Delivering patient information—on a TV screen
Tina Grande’s first “real job” after college involved filing paperwork for a startup that aimed to display information on a television screen at the patient’s bedside, so doctors could see what they needed to know at a glance, rather than flip through a paper chart.
At the startup, Grande was witness to one of the earliest forms of healthcare digitization.
“It was revolutionary at the time,” she says, tongue in cheek, thinking of the rapid advancements in healthcare technology that were soon to come. “Little did I know.”
Bringing people together to improve healthcare
Grande then shifted to healthcare policy and joined Senator Dave Durenberger as a junior staffer, where she dove deep into Medicare and saw first-hand how difficult it could be to understand. There are thousands of pages of information and regulation.
“For a health system, long-term care facility, whatever it might be," Grande says, “it’s a lot to digest to stay in compliance.”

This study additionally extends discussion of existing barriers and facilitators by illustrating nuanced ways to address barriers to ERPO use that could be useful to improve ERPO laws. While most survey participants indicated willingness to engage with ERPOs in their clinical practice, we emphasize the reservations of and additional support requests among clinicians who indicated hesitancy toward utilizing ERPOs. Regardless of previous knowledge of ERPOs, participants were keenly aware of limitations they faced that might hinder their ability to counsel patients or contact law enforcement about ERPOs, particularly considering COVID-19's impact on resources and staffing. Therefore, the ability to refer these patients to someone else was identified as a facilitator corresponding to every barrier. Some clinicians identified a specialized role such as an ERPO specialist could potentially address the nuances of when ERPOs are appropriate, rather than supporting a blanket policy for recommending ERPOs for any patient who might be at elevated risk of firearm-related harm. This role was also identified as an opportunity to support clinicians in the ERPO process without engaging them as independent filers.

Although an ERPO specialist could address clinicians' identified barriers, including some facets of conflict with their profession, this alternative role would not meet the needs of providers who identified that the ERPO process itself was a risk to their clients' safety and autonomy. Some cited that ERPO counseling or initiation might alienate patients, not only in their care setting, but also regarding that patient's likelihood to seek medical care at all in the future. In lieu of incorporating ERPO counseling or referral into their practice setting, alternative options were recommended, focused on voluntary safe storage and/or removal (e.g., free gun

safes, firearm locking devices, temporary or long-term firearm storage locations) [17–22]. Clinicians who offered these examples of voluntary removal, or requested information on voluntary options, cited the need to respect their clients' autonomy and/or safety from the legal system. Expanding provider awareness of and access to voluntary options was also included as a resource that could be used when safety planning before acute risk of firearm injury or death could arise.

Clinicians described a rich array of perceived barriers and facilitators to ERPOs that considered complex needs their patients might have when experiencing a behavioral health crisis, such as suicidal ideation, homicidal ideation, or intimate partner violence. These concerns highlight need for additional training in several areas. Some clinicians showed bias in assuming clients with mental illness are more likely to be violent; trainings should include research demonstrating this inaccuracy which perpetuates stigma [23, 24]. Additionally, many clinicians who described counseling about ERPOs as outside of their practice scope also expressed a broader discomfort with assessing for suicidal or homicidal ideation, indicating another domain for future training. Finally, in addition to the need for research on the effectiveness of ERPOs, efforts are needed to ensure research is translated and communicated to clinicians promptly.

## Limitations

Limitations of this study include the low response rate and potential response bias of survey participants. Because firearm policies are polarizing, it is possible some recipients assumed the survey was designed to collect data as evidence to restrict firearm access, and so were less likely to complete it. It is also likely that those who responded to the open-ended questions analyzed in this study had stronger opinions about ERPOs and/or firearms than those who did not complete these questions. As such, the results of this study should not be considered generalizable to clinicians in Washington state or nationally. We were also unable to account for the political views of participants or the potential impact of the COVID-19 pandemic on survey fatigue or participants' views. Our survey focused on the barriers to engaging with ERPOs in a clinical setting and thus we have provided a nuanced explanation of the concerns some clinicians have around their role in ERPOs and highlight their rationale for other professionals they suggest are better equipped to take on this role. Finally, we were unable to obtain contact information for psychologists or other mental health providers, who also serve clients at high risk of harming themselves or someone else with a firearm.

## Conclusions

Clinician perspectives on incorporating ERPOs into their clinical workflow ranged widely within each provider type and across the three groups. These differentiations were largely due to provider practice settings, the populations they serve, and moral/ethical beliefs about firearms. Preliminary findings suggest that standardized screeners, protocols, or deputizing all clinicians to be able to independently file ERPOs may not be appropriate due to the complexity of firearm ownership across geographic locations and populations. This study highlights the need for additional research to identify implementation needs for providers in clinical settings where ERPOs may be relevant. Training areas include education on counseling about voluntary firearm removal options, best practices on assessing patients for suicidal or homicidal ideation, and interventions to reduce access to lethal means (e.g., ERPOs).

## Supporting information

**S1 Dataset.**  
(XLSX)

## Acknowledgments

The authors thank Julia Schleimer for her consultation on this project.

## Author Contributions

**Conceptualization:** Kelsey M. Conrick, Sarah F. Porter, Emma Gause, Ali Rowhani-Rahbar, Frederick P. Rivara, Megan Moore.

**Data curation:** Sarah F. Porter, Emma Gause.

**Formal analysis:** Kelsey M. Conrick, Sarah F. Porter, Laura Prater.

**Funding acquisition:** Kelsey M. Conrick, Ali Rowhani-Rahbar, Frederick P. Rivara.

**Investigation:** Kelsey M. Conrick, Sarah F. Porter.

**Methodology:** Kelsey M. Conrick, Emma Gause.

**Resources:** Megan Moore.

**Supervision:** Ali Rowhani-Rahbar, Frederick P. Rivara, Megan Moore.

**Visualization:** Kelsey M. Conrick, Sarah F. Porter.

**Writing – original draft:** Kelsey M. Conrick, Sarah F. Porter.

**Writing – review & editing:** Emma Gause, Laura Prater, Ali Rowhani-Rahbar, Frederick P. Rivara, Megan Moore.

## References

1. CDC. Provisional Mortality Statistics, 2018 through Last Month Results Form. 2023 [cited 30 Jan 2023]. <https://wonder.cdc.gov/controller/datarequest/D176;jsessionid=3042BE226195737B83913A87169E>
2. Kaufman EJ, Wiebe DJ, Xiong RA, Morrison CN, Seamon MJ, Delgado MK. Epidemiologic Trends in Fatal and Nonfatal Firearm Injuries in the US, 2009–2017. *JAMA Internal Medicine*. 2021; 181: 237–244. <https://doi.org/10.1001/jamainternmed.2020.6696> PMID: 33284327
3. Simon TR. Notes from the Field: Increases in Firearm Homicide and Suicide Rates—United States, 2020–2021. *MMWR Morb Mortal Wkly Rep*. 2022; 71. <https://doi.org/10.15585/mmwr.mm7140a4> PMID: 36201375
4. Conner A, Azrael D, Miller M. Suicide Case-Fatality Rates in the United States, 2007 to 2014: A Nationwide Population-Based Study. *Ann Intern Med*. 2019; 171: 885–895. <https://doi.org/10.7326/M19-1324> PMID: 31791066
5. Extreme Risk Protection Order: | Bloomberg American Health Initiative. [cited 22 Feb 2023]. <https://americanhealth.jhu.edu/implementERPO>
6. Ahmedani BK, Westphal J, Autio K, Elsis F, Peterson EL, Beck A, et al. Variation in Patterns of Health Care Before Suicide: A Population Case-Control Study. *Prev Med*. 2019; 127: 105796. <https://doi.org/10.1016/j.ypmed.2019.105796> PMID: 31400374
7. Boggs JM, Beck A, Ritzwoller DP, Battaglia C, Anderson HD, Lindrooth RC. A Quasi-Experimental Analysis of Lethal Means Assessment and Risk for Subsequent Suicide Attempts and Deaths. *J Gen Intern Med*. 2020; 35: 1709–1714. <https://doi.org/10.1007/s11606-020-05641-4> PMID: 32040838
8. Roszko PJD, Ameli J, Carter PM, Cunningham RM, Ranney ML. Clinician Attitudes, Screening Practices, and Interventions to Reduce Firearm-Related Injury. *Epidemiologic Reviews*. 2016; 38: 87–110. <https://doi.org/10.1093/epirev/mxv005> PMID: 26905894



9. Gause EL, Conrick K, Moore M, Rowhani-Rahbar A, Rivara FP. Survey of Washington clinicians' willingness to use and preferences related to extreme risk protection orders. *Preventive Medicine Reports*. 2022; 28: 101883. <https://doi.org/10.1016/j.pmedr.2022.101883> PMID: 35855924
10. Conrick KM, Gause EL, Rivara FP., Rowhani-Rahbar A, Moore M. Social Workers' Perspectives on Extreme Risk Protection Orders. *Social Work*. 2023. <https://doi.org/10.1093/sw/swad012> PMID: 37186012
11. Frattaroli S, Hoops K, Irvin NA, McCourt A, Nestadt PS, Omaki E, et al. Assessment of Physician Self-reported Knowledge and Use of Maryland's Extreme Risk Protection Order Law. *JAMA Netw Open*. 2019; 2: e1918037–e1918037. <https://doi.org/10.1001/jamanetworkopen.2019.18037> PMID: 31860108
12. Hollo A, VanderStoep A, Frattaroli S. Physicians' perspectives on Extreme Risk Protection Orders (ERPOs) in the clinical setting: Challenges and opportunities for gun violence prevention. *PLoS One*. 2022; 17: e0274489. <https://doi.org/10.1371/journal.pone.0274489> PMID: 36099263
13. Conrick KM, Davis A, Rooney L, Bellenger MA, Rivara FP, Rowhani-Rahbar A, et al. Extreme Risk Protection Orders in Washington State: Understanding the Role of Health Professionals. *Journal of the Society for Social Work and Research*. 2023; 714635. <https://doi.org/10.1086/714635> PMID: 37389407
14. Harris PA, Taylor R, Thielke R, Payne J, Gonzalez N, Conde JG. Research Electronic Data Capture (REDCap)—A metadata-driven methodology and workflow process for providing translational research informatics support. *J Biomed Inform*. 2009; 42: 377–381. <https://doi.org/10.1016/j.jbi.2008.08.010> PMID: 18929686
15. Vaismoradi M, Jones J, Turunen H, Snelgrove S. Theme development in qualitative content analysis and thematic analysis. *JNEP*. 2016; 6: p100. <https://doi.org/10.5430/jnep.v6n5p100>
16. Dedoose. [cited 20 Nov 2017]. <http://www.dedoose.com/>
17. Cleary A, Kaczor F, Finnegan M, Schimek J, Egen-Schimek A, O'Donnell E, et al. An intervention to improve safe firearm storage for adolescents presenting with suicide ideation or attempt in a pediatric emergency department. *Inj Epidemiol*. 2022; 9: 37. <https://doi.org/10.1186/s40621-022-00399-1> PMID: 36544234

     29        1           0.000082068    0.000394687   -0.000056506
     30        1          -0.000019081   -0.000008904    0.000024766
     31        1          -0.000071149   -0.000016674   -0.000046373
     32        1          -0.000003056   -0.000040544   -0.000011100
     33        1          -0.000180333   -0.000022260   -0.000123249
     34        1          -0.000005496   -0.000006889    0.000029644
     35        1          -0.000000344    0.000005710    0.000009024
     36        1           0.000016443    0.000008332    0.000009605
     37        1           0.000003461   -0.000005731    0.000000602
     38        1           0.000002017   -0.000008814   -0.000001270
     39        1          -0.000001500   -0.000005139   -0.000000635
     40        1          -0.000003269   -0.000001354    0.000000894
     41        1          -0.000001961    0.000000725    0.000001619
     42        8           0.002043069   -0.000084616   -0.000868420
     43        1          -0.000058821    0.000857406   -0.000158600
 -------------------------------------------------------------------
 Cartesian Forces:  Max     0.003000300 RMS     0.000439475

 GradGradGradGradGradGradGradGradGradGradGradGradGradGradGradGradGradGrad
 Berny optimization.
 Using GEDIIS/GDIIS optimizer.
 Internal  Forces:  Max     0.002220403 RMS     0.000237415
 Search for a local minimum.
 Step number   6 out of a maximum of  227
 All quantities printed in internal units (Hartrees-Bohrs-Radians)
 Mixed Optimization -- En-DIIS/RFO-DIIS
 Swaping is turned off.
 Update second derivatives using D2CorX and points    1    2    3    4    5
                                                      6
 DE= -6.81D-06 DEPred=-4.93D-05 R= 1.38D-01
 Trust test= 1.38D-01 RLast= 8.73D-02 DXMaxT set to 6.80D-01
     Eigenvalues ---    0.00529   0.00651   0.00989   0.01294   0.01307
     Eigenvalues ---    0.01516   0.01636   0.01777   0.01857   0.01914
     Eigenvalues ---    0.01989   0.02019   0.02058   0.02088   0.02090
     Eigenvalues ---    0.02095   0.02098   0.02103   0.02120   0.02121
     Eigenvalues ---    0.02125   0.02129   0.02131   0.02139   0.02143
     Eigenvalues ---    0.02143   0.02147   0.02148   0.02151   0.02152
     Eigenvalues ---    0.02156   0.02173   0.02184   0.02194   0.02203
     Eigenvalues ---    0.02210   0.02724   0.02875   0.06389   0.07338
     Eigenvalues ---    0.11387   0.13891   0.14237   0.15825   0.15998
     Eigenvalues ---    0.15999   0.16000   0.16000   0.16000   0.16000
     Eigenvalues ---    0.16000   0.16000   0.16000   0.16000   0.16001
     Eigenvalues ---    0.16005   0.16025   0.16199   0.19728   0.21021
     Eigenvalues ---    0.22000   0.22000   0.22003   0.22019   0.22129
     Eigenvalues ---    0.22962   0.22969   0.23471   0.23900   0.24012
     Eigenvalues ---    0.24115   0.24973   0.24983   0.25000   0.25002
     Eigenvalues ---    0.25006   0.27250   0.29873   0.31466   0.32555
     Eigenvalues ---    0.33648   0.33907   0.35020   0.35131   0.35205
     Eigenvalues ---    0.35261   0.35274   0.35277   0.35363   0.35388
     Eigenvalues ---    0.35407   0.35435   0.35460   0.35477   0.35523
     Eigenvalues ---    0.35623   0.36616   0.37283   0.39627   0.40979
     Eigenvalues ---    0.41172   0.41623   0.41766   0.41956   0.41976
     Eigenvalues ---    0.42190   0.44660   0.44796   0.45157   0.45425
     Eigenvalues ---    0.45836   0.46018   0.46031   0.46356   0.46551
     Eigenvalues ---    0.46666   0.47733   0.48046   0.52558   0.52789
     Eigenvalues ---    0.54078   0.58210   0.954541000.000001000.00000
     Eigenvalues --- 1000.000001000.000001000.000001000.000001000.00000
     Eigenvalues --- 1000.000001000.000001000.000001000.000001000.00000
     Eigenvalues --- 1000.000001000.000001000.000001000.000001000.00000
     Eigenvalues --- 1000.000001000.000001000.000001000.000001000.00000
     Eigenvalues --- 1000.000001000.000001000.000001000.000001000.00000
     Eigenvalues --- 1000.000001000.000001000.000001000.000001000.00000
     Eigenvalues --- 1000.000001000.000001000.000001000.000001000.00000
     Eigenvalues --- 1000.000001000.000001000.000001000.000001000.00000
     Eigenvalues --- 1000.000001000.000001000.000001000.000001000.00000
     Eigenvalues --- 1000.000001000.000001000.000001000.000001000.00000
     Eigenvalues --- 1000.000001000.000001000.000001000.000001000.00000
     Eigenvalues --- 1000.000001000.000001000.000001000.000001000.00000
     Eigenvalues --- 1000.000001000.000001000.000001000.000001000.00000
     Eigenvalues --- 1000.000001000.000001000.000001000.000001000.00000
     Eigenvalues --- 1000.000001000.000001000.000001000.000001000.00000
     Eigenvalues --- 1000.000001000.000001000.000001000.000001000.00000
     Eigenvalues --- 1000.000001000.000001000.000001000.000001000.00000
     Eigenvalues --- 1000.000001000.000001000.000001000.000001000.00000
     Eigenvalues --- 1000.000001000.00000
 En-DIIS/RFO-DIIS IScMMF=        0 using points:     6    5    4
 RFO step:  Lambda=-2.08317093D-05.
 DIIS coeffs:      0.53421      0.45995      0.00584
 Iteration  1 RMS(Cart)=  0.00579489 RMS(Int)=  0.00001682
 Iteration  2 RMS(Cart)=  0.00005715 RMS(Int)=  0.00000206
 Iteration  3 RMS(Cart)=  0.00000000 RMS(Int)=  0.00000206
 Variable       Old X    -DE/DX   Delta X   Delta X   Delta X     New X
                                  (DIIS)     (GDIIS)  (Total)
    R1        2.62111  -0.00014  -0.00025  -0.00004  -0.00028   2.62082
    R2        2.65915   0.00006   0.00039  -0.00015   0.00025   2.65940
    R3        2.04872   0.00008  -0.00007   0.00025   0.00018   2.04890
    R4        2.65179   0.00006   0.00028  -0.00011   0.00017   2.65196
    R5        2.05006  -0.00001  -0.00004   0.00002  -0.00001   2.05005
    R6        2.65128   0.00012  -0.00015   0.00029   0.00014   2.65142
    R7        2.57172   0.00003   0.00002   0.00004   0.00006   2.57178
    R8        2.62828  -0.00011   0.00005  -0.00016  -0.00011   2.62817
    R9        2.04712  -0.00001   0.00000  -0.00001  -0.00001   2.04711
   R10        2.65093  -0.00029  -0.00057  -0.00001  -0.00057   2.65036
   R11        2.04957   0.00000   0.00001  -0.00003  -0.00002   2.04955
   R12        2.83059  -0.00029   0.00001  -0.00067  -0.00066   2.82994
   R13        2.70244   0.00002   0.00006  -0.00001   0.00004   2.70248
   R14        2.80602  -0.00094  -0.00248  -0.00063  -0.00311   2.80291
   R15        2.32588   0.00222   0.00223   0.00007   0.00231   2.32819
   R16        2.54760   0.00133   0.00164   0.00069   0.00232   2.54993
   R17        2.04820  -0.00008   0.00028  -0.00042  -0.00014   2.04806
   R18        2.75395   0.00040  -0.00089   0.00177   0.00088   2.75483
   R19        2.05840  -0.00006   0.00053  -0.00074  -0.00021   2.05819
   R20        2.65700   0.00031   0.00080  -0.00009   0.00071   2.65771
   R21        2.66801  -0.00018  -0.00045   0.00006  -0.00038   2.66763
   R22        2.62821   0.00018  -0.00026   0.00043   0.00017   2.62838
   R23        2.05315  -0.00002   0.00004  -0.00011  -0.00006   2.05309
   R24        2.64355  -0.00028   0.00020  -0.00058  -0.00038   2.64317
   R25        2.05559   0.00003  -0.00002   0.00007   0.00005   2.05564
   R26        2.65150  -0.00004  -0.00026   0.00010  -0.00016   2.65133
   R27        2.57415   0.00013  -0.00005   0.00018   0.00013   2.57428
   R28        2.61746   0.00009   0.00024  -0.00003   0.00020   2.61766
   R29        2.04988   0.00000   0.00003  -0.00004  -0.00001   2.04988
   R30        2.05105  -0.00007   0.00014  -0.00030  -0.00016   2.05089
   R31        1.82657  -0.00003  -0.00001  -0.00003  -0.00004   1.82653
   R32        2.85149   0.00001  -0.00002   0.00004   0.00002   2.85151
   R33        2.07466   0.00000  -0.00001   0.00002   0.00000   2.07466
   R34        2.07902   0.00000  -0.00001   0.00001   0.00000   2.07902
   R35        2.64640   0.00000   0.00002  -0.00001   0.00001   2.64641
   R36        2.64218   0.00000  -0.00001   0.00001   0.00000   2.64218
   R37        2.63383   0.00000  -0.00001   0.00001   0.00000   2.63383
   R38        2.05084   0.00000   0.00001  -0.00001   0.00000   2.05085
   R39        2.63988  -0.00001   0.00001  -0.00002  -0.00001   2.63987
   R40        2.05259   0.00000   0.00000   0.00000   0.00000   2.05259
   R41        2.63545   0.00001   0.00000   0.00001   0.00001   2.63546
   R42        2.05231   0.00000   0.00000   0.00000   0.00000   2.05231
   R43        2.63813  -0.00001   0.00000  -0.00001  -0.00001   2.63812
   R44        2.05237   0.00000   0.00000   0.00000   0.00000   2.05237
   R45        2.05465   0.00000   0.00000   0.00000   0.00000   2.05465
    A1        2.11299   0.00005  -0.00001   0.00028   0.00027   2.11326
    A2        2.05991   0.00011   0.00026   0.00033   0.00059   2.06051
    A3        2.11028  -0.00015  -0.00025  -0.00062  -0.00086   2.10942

The experience propelled Grande back into business, and as an entrepreneur, she worked to transform 44,000 pages of Medicare policy into a consumable electronic format for policymakers and providers alike. To do this, Grande brought people together: coders in San Francisco on one hand, and policy wonks in Washington, D.C., on the other.
Grande continued to build her career at the intersection of healthcare, technology and national policy at the Healthcare Leadership Council, where her fundamental mission is to bring people together.
“We focus on safety, quality, access, affordability, innovation—the hallmark big picture policy issues,” Grande says. “And you want to get as many people as possible behind an idea to make it happen.”
Balancing patient privacy with technological innovation
At the Healthcare Leadership Council, Grande works to advance the industry’s highest priorities, including interoperability, which is just one—albeit important—part of the bigger picture. There’s a lot that goes into information exchange, particularly in healthcare, which involves sensitive patient data.
For Grande, privacy is top of mind.
“My job,” Grande says, “is to make sure that health information is protected, and to maintain trust in our providers.” And she does this while continuing to support and nurture innovation. After all, as Marcus says, innovation is incredibly important in healthcare.
“When was the last time somebody asked you to bring your entire list of medications?” Marcus says, in reference to a typical interaction at the point of care. Providers tend not to ask anymore. “That’s because they have it.”